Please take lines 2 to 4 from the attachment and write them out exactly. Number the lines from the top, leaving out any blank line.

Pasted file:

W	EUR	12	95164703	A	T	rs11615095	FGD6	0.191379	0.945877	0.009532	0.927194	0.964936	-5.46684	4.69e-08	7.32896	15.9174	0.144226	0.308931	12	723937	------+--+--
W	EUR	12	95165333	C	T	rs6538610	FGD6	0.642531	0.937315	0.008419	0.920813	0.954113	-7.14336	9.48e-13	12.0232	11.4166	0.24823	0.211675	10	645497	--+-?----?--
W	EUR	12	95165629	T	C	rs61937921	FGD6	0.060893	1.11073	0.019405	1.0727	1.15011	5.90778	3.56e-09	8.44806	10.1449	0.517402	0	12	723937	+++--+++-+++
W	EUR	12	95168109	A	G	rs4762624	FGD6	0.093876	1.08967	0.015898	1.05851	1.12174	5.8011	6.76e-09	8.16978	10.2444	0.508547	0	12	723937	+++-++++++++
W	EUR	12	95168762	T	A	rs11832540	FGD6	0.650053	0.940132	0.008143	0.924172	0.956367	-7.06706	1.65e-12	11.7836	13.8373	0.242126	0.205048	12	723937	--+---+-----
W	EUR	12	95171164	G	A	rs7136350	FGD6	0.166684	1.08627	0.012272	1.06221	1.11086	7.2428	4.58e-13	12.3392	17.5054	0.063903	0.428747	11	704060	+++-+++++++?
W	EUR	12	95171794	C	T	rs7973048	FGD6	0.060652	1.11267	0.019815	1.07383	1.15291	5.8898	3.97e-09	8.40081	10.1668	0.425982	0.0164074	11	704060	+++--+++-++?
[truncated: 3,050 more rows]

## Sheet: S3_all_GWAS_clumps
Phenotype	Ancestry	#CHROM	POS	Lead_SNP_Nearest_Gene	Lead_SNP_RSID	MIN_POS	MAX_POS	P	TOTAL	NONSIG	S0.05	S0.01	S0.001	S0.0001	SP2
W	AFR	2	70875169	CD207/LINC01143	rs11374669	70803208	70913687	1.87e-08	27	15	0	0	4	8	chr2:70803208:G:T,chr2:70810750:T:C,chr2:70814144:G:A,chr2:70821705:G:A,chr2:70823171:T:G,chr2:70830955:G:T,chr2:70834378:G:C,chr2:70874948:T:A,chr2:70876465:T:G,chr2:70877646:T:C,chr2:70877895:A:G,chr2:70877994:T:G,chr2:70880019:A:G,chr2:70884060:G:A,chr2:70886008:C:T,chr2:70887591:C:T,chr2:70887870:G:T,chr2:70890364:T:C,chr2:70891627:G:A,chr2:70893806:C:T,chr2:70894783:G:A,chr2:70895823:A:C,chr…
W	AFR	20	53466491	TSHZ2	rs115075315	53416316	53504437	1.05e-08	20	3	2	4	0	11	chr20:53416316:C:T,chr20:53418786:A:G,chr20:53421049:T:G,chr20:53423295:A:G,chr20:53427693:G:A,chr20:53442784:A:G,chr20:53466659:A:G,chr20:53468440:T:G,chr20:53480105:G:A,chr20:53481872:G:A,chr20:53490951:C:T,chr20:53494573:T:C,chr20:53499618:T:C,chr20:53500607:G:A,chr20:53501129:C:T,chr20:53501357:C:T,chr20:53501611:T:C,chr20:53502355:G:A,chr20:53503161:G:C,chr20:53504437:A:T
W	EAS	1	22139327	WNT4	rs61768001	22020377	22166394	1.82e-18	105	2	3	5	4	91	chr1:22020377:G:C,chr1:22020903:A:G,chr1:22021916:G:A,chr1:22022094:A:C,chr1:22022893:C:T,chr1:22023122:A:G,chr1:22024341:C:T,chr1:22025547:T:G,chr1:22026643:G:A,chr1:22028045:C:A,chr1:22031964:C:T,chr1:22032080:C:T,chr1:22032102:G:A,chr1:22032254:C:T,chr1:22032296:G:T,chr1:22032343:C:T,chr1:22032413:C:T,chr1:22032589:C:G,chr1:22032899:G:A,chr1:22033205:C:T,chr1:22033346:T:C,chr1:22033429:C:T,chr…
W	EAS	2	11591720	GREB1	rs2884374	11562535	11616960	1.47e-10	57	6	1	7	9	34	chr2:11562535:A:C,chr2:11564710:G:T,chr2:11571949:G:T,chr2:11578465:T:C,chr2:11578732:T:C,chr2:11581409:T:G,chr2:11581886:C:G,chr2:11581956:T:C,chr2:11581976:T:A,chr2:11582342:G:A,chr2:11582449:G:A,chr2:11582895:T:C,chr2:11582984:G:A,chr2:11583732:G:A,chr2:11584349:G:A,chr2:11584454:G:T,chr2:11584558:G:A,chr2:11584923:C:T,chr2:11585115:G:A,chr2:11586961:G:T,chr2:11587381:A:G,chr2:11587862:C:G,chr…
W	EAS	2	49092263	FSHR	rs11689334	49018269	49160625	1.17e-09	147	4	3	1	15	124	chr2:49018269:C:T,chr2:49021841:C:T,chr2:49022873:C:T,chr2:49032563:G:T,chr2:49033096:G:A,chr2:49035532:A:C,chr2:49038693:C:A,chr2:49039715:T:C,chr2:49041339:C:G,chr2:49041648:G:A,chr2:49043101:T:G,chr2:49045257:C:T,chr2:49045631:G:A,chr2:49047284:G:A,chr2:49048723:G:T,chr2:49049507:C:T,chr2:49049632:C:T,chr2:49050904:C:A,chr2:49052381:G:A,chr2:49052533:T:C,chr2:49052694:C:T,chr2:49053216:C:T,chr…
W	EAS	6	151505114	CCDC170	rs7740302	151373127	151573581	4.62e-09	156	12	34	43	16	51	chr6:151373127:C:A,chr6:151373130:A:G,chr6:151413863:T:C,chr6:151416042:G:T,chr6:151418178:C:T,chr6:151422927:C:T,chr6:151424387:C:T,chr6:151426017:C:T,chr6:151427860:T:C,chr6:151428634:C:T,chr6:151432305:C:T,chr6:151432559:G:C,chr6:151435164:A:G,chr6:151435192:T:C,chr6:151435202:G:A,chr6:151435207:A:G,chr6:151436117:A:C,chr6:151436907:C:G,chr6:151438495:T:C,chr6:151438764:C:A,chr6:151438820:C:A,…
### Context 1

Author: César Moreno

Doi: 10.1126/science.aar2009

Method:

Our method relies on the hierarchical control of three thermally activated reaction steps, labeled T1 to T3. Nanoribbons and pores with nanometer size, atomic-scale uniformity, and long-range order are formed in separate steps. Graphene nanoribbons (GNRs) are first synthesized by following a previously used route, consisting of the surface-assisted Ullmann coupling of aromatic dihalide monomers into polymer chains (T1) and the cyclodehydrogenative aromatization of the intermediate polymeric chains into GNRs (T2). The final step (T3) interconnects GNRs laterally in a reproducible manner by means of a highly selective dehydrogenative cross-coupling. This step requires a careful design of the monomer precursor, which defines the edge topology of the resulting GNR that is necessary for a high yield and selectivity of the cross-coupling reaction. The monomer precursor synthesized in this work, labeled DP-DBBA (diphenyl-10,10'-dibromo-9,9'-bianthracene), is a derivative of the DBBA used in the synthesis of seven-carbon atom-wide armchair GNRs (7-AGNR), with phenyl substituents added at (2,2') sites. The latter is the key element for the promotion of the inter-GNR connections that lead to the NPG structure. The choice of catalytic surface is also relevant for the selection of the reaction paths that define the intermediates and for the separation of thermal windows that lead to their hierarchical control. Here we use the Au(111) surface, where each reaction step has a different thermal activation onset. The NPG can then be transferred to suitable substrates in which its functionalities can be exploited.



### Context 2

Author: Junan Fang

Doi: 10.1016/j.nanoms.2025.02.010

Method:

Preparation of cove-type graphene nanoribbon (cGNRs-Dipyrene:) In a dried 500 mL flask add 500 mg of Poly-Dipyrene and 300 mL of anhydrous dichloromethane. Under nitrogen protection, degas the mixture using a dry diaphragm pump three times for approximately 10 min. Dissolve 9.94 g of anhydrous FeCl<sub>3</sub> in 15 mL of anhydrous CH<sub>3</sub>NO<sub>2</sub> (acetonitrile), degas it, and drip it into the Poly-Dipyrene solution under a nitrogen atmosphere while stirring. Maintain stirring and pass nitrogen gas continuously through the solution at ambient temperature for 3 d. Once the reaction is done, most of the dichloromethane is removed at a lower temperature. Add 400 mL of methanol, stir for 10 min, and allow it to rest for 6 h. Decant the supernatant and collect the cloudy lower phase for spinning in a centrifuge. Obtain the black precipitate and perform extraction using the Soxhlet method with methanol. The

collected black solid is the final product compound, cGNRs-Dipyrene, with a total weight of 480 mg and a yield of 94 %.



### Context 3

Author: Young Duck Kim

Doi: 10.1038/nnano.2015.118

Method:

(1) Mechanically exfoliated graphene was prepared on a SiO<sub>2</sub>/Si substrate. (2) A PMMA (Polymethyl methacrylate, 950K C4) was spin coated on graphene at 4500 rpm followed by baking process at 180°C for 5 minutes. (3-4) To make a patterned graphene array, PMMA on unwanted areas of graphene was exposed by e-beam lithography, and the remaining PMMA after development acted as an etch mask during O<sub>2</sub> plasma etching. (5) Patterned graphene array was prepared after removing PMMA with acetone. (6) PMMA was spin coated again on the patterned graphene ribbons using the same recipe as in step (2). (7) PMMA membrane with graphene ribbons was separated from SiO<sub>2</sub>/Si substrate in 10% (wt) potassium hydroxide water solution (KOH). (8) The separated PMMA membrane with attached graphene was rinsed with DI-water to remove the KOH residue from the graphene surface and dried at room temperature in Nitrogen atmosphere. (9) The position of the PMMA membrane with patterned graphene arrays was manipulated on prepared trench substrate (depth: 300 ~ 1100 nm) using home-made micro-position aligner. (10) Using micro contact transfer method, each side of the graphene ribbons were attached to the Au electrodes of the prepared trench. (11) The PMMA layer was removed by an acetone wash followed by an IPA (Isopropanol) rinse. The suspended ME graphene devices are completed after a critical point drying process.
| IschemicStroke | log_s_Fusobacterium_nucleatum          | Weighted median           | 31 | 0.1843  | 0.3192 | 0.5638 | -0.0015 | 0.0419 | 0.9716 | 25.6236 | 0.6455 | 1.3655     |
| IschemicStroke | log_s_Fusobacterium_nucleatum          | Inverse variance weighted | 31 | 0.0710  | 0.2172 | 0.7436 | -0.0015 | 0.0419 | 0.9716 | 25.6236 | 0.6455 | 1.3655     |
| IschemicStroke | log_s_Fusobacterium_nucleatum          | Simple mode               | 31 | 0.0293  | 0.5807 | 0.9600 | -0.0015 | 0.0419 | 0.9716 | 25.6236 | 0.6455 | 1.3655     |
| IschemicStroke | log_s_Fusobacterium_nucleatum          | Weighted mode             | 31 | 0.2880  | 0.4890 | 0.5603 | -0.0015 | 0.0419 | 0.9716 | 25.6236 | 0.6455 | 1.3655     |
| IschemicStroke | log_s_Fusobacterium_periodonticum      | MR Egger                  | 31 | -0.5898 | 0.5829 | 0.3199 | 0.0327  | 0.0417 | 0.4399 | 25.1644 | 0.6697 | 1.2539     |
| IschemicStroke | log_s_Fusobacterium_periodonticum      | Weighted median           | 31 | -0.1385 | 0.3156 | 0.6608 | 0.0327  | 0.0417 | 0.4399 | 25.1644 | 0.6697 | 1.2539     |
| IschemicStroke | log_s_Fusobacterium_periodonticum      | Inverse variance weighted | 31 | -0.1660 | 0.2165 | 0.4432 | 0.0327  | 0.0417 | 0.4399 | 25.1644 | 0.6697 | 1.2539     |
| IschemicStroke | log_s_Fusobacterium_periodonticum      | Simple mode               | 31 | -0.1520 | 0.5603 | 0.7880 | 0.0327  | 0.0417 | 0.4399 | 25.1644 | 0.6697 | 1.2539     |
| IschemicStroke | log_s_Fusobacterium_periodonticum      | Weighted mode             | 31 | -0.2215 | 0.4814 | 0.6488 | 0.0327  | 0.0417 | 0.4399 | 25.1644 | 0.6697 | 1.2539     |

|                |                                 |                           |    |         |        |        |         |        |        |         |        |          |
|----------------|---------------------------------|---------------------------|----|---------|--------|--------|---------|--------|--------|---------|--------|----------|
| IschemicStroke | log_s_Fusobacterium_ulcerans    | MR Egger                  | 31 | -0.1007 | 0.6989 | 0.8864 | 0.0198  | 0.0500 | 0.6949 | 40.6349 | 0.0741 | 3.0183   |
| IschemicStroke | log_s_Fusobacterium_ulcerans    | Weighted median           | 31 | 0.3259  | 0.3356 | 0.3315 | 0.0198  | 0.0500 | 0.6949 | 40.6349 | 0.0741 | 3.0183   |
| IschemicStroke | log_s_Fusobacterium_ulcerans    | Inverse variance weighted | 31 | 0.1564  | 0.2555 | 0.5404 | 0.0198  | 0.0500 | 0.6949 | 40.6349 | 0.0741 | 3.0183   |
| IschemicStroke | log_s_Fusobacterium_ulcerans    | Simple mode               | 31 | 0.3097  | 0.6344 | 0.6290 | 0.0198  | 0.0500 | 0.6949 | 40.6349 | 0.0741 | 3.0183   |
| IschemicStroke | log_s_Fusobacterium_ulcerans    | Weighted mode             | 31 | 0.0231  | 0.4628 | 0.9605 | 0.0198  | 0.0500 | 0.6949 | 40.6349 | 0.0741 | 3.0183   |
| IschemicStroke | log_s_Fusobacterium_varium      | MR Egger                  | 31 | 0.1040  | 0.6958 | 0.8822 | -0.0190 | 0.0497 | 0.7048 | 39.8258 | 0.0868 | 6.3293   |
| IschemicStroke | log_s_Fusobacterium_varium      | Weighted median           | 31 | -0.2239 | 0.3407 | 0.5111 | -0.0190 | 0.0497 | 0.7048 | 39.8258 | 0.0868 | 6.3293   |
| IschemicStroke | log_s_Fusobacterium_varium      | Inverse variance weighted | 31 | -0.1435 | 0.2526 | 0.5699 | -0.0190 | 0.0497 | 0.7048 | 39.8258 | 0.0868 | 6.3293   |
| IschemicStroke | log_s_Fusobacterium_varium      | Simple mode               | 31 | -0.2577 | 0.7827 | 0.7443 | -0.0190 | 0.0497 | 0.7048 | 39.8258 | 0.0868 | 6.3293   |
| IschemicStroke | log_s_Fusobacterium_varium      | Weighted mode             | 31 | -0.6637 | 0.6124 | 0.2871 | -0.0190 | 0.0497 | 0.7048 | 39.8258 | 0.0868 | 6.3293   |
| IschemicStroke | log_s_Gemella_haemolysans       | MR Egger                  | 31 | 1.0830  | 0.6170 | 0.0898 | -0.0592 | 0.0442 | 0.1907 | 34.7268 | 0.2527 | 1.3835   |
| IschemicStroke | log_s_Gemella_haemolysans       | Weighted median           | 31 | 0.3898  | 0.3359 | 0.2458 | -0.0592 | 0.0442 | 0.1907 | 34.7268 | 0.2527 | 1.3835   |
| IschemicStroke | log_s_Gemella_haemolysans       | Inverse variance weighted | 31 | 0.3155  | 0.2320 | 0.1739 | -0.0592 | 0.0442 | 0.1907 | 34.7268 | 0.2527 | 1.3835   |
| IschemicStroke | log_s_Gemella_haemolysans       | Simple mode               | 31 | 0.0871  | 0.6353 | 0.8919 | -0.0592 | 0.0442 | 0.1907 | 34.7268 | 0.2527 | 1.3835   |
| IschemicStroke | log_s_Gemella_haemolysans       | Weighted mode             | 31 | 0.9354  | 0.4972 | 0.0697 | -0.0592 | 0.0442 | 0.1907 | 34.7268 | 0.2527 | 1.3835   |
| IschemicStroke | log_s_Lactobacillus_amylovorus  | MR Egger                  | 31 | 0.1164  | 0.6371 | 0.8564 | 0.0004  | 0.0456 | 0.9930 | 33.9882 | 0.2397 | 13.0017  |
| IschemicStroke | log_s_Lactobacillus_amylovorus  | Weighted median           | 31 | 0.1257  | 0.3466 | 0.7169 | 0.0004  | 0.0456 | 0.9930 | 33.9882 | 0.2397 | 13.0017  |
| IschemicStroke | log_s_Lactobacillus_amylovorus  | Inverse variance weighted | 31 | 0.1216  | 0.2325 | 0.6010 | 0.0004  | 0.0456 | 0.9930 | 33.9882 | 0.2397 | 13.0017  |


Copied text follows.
W	EUR	12	95165333	C	T	rs6538610	FGD6	0.642531	0.937315	0.008419	0.920813	0.954113	-7.14336	9.48e-13	12.0232	11.4166	0.24823	0.211675	10	645497	--+-?----?--
W	EUR	12	95165629	T	C	rs61937921	FGD6	0.060893	1.11073	0.019405	1.0727	1.15011	5.90778	3.56e-09	8.44806	10.1449	0.517402	0	12	723937	+++--+++-+++
W	EUR	12	95168109	A	G	rs4762624	FGD6	0.093876	1.08967	0.015898	1.05851	1.12174	5.8011	6.76e-09	8.16978	10.2444	0.508547	0	12	723937	+++-++++++++